favored instrument of monetary policy in the late 1940s and 1950s. When
I wrote my untitled, uncompleted thesis for my Ph.D. (which I
understand I am still eligible to receive if I ever complete the
thesis), I contrasted the use of direct controls on credit in the
United Kingdom with direct control in the United States and how they
operated (or did not) in a market system. But I do not want to gloss
over the fact that we had a little experiment with direct controls as
late as 1980 during the Carter administration. We designed what we
thought was a modest, market-mimicking restraint on some parts of
consumer credit. This was something we anticipated would have a modest
restraining effect on the economy, supplementing our control over
reserves. It turned out to have a huge psychological effect. I never
saw anything like it. There was a sharp reaction by consumers that
single-handedly drove the economy into recession in a matter of weeks.
I believe that was the last time there was any experimentation in
direct control of credit.

Since the early 1980s, I think it is fair to say that we have
returned to a kind of approach that relies upon direct influence on the
short-term rate and a much more fluid market situation that allows
policy to be transmitted through the markets by some mysterious or
maybe not so mysterious process. I think we have found two important
“transmission belts” – domestic asset prices (particularly the stock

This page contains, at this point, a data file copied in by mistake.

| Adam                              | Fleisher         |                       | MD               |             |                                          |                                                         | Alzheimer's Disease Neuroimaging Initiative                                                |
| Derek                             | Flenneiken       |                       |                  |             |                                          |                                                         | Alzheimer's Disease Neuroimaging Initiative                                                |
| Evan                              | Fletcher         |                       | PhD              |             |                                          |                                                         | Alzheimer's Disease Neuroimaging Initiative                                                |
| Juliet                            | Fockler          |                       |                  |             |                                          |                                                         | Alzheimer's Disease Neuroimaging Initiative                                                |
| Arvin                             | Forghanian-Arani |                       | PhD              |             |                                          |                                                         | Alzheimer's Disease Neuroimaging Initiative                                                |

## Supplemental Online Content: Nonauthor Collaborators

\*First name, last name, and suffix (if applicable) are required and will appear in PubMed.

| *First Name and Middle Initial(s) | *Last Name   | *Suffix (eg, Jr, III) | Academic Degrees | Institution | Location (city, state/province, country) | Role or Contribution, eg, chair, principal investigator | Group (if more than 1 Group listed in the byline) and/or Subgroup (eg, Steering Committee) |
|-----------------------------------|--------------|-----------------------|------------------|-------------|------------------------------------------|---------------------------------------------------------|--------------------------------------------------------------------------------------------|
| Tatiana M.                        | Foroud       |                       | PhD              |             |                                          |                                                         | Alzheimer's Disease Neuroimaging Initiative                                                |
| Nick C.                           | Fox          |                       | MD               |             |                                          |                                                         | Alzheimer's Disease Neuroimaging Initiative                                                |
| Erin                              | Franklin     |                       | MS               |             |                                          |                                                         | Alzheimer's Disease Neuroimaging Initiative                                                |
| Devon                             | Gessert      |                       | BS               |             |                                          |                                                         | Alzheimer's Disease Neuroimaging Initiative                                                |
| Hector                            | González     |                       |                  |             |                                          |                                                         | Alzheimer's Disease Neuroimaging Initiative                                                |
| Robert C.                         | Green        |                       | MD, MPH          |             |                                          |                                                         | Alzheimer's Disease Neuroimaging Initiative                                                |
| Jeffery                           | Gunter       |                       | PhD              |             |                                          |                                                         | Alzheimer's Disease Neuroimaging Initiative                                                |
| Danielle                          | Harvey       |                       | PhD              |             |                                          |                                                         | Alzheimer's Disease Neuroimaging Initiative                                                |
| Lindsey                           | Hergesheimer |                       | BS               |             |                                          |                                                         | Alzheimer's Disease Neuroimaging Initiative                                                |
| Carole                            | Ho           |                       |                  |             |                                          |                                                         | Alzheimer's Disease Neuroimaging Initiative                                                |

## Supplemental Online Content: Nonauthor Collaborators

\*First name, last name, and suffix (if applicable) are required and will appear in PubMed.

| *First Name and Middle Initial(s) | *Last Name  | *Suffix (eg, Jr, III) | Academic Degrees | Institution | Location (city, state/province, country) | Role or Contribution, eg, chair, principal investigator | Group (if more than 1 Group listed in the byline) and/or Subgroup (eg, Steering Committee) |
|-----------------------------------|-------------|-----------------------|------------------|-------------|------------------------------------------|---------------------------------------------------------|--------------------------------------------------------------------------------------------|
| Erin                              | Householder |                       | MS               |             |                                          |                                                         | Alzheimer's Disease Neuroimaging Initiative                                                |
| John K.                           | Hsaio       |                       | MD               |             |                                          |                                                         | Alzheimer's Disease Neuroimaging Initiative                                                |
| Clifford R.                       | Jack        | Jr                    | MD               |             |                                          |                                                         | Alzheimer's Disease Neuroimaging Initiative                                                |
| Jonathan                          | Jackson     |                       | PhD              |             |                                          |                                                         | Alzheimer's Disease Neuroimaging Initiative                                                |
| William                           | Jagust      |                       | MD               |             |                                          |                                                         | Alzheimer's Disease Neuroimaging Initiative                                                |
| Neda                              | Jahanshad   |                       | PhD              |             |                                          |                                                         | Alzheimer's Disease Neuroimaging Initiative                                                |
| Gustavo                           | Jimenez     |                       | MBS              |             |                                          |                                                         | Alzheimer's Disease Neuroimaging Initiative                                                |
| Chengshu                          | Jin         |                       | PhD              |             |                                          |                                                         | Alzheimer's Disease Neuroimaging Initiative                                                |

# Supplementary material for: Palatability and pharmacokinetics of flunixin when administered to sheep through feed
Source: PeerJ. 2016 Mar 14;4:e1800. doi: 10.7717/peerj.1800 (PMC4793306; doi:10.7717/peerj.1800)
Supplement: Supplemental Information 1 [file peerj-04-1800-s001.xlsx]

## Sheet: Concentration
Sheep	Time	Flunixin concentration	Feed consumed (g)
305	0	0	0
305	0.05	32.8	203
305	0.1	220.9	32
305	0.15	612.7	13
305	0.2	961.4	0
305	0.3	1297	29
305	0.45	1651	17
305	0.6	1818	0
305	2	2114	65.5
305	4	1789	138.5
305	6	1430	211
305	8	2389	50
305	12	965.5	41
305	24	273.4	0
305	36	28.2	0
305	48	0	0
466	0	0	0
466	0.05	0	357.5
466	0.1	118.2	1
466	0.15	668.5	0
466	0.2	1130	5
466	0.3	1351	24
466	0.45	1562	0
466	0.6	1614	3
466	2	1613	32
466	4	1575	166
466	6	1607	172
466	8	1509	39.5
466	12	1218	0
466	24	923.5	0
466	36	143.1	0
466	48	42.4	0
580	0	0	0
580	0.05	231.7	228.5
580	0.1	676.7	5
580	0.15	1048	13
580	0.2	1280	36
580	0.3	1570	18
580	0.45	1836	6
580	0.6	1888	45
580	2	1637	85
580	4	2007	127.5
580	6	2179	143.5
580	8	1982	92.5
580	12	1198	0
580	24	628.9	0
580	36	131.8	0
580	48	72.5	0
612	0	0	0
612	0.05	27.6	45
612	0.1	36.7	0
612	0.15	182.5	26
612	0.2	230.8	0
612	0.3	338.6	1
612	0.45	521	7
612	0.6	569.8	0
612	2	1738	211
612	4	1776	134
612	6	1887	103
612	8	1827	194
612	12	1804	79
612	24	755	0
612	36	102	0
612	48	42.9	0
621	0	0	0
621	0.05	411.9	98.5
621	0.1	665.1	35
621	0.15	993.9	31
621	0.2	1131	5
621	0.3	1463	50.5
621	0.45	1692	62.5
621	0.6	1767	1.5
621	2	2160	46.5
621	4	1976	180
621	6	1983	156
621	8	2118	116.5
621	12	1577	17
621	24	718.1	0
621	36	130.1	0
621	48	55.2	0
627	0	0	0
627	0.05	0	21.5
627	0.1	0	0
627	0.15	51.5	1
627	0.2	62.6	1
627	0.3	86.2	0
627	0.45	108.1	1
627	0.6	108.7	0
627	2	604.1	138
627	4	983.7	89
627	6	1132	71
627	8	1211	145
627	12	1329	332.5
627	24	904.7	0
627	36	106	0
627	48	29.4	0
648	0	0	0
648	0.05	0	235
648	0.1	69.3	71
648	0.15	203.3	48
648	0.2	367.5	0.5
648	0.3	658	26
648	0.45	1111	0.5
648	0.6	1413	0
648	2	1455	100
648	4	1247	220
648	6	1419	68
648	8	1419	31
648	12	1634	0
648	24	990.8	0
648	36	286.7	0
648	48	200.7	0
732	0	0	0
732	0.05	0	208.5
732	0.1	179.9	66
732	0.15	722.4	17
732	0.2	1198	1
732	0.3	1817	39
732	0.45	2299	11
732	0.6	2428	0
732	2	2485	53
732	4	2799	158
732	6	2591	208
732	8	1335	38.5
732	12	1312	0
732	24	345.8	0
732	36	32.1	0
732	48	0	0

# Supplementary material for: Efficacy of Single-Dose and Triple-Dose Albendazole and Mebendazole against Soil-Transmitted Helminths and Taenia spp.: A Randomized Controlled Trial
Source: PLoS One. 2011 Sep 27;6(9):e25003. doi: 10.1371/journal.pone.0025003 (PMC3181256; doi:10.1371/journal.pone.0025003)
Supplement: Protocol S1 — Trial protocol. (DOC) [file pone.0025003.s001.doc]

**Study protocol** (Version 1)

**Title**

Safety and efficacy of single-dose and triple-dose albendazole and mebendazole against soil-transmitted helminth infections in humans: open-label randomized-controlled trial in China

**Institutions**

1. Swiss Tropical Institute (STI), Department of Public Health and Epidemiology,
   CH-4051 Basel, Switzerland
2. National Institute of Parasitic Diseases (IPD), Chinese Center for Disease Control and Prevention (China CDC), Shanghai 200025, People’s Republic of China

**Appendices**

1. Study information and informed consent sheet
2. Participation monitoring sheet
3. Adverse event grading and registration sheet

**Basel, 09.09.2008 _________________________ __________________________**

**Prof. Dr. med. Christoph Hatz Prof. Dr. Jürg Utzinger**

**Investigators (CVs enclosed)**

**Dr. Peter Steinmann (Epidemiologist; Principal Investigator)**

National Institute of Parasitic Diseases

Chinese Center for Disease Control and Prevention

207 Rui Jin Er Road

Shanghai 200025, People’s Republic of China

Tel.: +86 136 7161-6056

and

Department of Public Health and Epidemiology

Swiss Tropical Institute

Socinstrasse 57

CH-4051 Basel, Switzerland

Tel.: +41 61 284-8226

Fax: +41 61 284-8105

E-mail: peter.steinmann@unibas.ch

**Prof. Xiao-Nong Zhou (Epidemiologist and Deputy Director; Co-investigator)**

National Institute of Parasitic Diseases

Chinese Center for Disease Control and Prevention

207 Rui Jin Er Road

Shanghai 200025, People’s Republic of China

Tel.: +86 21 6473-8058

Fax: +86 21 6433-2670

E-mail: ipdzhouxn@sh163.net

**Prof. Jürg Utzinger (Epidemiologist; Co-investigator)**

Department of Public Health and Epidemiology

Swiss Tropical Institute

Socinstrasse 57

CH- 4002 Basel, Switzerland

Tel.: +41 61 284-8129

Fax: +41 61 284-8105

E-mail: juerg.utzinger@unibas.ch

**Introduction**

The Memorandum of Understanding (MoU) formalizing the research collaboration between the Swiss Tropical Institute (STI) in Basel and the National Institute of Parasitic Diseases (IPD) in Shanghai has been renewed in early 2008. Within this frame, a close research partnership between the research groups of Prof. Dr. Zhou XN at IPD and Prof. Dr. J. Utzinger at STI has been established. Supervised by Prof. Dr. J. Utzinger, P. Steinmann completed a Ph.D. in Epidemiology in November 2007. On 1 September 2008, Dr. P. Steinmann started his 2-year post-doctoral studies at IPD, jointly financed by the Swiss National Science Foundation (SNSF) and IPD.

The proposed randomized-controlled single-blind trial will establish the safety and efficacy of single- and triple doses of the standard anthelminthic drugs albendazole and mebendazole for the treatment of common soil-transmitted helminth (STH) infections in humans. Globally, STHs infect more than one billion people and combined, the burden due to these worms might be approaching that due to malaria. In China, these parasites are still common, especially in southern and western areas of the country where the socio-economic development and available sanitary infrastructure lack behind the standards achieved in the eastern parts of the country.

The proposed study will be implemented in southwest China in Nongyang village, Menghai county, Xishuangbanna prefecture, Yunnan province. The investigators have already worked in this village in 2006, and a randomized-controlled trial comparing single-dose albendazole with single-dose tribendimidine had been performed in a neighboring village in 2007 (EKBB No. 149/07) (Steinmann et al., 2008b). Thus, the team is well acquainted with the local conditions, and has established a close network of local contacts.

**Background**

market) and the exchange rate – that were not considered to have much
importance earlier. I think we also know that relationships between
monetary policy and stock prices and between monetary policy and
exchange rates are not the most predictable relationships that exist in
the economy. We have certainly seen demonstrations of that recently. I
was a little bit bemused by the reports in the press recently that the
euro declined because the European Central Bank did not reduce interest
rates, which is not what you consider the normal predictable reaction
to monetary policy.

I think this caution helps demonstrate the importance of central
banks having a clear and unambiguous decision making process when they
operate in much more open and fluid markets, if market responses are to
be predictable. Indeed you sometimes might ask the question whether the
Federal Reserve is driving asset prices and the exchange rate or
whether the exchange rate and asset prices are driving the Federal
Reserve. That is an uncomfortable question to ask when you are trying